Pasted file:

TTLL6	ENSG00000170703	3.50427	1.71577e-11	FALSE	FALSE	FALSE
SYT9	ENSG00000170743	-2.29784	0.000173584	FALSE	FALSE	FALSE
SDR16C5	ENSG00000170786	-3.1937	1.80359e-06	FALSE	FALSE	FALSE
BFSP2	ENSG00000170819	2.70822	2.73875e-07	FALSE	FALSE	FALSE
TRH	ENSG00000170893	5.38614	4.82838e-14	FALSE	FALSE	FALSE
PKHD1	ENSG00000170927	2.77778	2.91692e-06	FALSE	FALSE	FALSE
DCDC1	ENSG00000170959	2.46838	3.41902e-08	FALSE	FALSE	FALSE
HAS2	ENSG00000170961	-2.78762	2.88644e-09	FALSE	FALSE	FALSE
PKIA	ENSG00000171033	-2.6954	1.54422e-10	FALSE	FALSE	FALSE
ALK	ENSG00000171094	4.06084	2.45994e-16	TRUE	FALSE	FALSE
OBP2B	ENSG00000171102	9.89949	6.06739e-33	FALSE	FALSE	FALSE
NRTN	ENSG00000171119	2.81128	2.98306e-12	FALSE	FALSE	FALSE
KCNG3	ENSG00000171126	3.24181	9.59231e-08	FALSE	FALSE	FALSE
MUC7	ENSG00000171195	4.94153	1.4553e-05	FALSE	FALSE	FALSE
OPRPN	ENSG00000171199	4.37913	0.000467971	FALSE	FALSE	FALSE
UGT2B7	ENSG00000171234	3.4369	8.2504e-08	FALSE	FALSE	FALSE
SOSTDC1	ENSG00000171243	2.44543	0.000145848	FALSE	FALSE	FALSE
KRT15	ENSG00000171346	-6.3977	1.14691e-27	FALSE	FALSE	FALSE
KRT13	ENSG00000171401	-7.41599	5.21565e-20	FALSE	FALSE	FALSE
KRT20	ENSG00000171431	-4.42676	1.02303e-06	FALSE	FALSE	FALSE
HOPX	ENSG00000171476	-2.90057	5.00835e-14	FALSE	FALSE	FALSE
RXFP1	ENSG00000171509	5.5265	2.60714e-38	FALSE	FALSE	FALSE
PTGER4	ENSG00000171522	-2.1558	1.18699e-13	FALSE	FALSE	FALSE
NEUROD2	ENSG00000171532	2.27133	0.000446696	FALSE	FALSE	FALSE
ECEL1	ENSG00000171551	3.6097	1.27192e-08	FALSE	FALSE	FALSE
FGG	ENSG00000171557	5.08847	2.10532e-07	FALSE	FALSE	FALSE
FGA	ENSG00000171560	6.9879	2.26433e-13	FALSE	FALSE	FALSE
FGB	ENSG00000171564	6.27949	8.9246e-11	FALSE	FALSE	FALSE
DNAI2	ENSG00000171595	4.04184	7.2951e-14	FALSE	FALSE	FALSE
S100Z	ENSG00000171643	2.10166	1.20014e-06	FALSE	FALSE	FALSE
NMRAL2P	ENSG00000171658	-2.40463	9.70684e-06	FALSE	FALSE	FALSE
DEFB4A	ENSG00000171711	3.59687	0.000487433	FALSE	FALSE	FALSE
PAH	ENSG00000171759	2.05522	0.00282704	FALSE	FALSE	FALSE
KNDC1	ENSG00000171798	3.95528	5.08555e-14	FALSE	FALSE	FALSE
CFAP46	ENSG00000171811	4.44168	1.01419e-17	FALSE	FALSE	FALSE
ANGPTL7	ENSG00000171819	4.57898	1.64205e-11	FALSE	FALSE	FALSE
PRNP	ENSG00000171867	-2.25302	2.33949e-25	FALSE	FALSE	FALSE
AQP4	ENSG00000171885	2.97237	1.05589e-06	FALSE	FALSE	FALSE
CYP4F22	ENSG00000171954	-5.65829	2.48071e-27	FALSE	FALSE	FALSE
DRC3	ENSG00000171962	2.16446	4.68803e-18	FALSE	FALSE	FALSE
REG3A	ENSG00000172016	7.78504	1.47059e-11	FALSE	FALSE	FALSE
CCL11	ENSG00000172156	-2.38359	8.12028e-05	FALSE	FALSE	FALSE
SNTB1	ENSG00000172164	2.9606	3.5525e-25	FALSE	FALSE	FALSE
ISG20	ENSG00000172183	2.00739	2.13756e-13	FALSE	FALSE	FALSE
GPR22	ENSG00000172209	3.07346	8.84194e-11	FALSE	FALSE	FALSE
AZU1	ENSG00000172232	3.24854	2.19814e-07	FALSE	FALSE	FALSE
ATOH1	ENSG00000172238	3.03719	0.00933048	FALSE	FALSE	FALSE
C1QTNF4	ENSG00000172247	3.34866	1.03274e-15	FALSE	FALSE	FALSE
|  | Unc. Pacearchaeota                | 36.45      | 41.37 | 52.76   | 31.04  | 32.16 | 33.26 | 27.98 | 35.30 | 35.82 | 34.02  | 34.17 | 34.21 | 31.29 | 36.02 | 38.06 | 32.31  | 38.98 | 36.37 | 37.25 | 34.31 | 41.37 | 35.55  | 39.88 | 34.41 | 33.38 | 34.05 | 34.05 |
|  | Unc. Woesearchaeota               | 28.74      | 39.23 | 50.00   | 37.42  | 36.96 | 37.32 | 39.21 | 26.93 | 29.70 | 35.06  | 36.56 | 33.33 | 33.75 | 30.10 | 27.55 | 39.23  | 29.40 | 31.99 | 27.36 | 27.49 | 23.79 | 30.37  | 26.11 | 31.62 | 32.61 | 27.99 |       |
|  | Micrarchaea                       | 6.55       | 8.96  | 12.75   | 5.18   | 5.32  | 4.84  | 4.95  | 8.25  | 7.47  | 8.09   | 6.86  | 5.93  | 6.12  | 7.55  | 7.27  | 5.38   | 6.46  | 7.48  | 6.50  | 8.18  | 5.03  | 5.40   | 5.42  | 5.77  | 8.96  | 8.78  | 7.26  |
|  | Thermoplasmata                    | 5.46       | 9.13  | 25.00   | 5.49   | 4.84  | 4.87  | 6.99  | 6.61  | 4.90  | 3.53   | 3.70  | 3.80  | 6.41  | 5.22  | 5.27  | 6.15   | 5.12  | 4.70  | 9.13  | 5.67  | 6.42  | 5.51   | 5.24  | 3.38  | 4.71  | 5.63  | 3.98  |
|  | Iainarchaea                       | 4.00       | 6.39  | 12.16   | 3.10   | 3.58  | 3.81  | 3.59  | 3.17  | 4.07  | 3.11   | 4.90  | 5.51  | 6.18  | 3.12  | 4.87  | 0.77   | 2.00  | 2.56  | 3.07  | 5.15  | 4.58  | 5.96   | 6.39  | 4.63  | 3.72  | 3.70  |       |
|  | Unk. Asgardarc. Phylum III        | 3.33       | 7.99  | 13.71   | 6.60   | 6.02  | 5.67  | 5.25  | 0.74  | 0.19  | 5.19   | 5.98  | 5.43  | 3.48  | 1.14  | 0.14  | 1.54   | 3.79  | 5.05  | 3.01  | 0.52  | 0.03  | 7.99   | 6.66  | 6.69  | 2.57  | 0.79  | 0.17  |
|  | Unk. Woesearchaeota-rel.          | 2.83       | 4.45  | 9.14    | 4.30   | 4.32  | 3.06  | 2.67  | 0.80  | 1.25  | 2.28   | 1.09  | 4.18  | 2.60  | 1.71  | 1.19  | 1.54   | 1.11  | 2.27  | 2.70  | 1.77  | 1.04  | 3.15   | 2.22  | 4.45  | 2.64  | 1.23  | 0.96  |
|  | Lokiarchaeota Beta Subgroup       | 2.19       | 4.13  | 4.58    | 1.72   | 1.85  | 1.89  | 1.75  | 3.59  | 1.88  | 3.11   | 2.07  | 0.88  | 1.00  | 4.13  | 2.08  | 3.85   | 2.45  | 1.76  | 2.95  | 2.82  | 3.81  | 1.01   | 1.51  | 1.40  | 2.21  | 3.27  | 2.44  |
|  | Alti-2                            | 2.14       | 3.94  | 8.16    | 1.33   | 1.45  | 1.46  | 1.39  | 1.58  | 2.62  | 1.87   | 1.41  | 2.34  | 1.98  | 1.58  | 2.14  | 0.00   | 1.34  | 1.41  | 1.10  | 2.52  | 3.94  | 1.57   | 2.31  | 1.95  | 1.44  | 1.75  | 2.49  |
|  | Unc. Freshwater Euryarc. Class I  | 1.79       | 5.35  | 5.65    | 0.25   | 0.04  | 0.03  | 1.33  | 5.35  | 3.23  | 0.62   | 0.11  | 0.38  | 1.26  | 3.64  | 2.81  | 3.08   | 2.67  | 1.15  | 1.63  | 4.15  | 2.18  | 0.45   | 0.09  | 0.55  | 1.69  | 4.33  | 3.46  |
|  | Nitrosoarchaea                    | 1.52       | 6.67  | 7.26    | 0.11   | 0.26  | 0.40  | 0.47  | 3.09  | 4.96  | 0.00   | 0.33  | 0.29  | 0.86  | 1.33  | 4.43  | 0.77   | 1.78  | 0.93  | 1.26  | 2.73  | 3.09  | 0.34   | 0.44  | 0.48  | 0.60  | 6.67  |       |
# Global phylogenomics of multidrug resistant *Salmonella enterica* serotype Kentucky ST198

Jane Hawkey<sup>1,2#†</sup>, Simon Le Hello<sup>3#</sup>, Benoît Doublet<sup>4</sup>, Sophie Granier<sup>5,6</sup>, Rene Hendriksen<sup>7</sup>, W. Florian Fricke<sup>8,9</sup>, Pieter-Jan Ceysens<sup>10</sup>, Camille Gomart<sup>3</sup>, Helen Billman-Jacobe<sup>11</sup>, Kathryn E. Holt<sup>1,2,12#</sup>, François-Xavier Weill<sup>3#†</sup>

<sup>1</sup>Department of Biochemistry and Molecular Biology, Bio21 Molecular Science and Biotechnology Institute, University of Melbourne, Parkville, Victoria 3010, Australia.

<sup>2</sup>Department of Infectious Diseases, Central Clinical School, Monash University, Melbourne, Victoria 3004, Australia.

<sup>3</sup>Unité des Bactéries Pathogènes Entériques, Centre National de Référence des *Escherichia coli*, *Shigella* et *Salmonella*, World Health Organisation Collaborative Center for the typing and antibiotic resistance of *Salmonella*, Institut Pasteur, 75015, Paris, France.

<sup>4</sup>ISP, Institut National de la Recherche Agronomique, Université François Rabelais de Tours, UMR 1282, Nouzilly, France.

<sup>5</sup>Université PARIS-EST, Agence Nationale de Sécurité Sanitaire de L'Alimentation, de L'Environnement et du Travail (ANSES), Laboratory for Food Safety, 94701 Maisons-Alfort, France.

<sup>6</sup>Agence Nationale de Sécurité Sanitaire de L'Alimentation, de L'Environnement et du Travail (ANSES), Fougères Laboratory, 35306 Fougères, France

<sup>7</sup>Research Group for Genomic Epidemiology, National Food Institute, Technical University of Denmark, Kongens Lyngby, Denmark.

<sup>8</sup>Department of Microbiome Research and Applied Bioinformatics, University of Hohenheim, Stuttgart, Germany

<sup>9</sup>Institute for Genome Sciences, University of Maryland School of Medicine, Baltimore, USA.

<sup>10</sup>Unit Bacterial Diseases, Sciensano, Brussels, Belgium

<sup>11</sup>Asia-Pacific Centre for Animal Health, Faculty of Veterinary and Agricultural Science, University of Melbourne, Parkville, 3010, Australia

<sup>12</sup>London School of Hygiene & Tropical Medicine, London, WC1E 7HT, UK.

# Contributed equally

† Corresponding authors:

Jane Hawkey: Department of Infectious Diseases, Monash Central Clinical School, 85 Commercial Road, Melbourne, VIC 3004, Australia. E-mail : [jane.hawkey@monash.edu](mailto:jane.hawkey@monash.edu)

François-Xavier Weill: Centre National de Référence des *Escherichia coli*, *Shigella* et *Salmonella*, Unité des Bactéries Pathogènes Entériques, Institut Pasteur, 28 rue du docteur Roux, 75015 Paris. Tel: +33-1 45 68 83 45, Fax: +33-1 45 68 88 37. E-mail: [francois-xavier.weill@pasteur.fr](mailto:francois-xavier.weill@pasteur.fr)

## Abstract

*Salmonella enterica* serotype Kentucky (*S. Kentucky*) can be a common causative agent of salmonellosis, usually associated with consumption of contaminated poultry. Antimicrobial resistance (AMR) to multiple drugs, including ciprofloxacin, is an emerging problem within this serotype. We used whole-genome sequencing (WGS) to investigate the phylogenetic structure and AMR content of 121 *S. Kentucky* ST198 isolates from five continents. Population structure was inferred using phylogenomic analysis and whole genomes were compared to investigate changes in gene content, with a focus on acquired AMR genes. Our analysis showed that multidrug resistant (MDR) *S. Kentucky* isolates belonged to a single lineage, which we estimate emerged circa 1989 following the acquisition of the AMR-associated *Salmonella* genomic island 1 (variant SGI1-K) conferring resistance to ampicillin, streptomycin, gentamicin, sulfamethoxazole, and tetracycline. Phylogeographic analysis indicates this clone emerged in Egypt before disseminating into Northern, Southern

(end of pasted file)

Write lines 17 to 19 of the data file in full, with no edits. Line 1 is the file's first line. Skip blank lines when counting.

SOSTDC1	ENSG00000171243	2.44543	0.000145848	FALSE	FALSE	FALSE
KRT15	ENSG00000171346	-6.3977	1.14691e-27	FALSE	FALSE	FALSE
KRT13	ENSG00000171401	-7.41599	5.21565e-20	FALSE	FALSE	FALSE